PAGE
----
Tag Archives: tips

6 Things I’ve Learned About Street Photography (So Far)

Sidewalk Circulation

Here are 6 things I’ve learned about street photography (so far). I present them to you, the aspiring street photographer.

  1. Stand Still — As you walk the streets, its easy to become overwhelmed by all the potential photography subjects. When you start to experience sensory overload, find an interesting background, or simply a street corner, and then stand and wait. Your subjects will come to you.
  2. Click the Shutter Anyway — There will be that voice in your head telling you that getting this shot might be awkward and uncomfortable. Push yourself to raise the camera to your eye and click the shutter anyway. Passing up these moments makes capturing the “decisive moment” all the more elusive.
  3. Shoot Wide — Don’t be afraid to shoot with a wider lens. It might be tempting to use your long telephoto lens so that you can stay far away from your subject, and possibly go unnoticed. While there’s nothing wrong with using a long lens if you are going for that specific aesthetic, the experience might be less than fulfilling if you are a fan of classic street photography from the likes of Joel Meyerowitz, Garry Winogrand, or the master himself, Henri Cartier-Bresson. Ideal street photography focal lengths are 28mm, 35mm, and 50mm. If you are still apprehensive, start with 50mm, which will allow you to stay the furthest away from your subjects, then graduate to 35mm. But all rules are meant to be broken, that is, assuming you have a good reason to break them. Just don’t let fear be one of those reasons.
  4. Avoid Eye Contact — Okay, this one will be controversial, and there will be some who will give you the exact opposite advice. I’m not saying you need to avoid eye contact or socializing in all situations, but if you are after true candid photography, it requires you to take photos without permission. Most people aren’t going to confront you, but that possibility will always exist with street photography. To help ease the process of capturing candids and avoiding confrontations, try to make it appear that you are looking past your subject. One thing you can do is keep your camera raised to your eye after taking the photo, pretending to shoot something that is just past your main subject. This works best if you are using a camera with a viewfinder (especially DSLRs), but it can also be accomplished even if you are composing your shots with a LCD screen (you just can’t hide behind the camera).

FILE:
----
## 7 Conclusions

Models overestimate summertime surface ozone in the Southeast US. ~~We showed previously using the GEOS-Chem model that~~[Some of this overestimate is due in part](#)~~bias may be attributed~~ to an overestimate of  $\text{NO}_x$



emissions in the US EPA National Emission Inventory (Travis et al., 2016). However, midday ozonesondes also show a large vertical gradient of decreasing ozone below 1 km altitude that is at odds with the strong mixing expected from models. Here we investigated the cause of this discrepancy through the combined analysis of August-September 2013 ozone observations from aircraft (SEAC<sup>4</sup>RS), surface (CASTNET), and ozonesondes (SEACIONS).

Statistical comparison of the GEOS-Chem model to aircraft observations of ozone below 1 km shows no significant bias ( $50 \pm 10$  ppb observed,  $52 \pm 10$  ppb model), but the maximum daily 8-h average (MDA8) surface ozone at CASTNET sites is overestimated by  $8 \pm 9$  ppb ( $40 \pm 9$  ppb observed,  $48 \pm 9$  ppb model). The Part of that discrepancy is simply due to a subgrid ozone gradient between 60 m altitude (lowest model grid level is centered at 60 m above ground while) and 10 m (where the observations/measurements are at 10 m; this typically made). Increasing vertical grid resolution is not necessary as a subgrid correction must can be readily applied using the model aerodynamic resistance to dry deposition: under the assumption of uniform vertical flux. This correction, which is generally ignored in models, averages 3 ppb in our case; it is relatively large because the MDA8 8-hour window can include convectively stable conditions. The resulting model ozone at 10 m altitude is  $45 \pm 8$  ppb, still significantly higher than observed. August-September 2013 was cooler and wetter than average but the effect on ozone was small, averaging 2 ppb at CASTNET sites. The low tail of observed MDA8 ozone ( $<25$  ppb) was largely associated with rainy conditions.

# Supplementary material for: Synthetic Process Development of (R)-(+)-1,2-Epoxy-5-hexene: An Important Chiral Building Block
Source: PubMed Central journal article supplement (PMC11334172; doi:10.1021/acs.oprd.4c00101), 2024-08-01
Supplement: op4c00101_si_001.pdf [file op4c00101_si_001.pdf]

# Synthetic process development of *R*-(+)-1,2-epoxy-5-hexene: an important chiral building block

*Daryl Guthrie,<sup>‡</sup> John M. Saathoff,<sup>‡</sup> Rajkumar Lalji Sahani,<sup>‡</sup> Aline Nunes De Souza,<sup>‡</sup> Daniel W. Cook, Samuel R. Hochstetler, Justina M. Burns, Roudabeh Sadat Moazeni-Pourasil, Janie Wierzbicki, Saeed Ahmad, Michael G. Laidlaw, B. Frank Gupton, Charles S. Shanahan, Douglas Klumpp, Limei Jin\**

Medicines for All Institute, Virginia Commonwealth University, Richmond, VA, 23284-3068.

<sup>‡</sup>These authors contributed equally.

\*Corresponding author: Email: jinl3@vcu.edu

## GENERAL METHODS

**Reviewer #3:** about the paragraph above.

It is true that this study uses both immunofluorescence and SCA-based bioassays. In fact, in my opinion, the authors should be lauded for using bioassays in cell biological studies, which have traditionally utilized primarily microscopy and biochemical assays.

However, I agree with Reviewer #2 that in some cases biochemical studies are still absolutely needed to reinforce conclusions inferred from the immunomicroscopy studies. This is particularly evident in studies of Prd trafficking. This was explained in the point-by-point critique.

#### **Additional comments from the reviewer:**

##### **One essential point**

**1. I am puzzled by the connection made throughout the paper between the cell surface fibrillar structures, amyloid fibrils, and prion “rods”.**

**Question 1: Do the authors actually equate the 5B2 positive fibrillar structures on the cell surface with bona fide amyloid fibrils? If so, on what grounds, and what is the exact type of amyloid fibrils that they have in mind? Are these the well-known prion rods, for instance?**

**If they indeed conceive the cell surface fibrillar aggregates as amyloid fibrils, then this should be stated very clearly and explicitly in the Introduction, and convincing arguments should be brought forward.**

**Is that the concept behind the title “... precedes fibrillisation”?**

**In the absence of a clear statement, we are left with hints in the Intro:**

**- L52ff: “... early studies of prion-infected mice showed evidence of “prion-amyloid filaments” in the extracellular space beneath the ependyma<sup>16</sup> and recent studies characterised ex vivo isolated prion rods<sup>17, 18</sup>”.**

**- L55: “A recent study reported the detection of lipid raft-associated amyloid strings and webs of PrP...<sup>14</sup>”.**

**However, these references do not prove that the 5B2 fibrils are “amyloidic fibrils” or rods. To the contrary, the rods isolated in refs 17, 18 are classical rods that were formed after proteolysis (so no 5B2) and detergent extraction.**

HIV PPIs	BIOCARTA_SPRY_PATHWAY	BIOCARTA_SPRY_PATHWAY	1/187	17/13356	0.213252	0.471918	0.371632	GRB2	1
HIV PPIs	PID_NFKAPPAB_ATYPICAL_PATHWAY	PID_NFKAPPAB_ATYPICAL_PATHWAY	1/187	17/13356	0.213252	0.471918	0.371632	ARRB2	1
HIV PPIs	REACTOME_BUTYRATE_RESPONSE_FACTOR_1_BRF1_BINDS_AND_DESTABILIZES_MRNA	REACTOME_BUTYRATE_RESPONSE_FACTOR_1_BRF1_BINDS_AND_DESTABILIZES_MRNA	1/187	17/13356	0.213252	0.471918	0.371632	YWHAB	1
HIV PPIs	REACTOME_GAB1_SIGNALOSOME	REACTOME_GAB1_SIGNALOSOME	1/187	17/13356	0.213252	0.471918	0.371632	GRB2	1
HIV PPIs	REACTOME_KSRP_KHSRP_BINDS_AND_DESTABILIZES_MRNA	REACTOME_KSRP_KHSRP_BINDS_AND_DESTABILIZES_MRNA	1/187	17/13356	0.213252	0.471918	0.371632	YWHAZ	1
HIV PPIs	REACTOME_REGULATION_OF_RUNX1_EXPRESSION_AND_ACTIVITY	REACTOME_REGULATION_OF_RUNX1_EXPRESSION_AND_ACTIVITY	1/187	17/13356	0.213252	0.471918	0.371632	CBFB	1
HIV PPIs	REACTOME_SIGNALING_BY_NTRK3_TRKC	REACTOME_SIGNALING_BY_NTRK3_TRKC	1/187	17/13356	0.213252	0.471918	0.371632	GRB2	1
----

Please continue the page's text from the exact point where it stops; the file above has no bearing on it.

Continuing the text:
5. Look For Conversations — I find some of the more interesting street photography photos (see above) in my collection are street conversations. Look for two, three, or more people congregating and conversing, particularly if they are oblivious to their surroundings, and then move in to get your photo. It might be helpful in this situation to have your camera in continuous mode so that you can snap off two or three captures.
  6. Use A Prime Lens — Related to #3, I highly recommend you use a prime (fixed focal length) lens, or alternatively, set your zoom lens to a focal length and leave it there. I can’t tell you how helpful this has been for my street photography. It really helps you to see your shot before you lift your camera when you know exactly what your field of view will be. In this case, using a prime lens is less about optics, and more about simplicity, and that’s why a zoom lens is fine, as long as you can discipline yourself not to actually use the zoom capability. Pick 35mm or 50mm and stay there. If you are out for a couple of hours, maybe shoot 35mm for one hour, then shoot 50mm for the second hour.
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26 Photography Guidelines To Build From